CAPE ELIZABETH, Maine — It's July, and that means it's berry-picking time!
One of the favorite berries to pick is raspberries with their sweet-tart flavor. Perfect for jams and jellies and eating right off the bush, but to get an abundant crop you had to have done your work in the spring.
"Most of the work was back in April," master gardener Tom Witwicki revealed.
It was in the chilly spring that Gardening with Gutner visited Witwicki's garden to learn what sort of preparation was needed to get the raspberry bushes ready for the growing season.
"Well, you have to understand with summer bearing raspberries, it bears fruit on last year's canes. They're called floricanes. So the job is to remove the previous year's canes, which already fruited. Thin the new floricanes and finally trellis them," Witwicki said.
The master gardener went on to show how to prune. He found canes that were old and proceeded to cut those to the ground. He explained that he could tell they were old because the bark was peeling, and there was no green at the base when he cut them there. Once all the old canes are cut, only floricanes that will bear fruit are left.
Next, Witwicki trellised the floricanes to a wire he had crossing the raspberry patch.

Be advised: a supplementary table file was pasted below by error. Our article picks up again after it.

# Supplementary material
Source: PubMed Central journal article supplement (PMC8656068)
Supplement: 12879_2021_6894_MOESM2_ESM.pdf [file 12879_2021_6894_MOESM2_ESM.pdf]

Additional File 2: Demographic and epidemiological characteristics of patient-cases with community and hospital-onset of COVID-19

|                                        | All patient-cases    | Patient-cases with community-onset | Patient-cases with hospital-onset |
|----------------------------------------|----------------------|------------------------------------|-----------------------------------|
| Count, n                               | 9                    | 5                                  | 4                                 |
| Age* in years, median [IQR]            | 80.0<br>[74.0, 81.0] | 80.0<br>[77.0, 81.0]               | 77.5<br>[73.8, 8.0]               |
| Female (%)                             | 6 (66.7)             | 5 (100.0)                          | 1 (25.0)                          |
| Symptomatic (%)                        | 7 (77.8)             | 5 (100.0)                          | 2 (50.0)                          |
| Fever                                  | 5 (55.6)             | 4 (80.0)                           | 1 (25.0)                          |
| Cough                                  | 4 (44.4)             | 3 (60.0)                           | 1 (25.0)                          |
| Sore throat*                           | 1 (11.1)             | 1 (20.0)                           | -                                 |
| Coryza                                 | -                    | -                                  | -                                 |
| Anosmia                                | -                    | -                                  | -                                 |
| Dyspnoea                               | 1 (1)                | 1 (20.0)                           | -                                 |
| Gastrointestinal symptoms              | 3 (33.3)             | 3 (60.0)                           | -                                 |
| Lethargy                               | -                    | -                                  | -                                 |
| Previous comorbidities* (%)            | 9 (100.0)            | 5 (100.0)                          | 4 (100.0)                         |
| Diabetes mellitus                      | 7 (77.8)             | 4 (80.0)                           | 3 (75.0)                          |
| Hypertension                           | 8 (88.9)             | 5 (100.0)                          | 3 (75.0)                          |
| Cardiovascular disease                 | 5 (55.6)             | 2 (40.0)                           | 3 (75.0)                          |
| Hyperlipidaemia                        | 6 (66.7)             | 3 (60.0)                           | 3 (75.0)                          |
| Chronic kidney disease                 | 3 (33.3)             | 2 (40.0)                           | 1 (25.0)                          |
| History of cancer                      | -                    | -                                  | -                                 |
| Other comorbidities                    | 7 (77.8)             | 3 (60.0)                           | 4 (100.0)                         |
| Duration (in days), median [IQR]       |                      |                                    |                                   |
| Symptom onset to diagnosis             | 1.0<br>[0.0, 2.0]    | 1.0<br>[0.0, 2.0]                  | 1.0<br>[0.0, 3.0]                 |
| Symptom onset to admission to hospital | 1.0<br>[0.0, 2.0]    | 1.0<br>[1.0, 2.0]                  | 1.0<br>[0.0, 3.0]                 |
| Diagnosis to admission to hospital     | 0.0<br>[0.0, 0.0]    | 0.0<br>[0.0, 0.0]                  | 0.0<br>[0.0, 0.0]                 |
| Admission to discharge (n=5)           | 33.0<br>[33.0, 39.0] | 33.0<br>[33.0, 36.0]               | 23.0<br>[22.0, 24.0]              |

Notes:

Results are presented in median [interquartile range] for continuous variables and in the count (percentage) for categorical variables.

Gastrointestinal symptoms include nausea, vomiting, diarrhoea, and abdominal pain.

"When the raspberries fruit, the cane becomes pretty heavy and will lie on the ground unless you tie it up," the master gardener instructed. "What it also does is leave room in the middle of the bed for the new canes, called primocanes, to be growing this year. Which gives it more air and sunlight."
Witwicki explained that all he does after pruning and trellising is mulch the bed to keep down weeds and feed the soil.
Gardening with Gutner returned to Witwicki's raspberry patch in July to see the results from the work in April.
"Well, it's not the best year. They like it a little drier to ripen especially," Witwicki commented after being asked about the rainy weather. "But it's especially important that the vines had been tied up because otherwise, they'd be on the ground hard to pick. The fruit would rot."
Witwicki showed an example of a primocane, which is new growth. This primocane is next year's fruit. All the canes that are blooming now will be trimmed off early next spring.
Finally, knowing when the fruit is ready is important.
"The berries turn a darker red," Witwicki explained. "Also, the fruit comes off with a gentle tug. If you have to pull on it, it's not ready."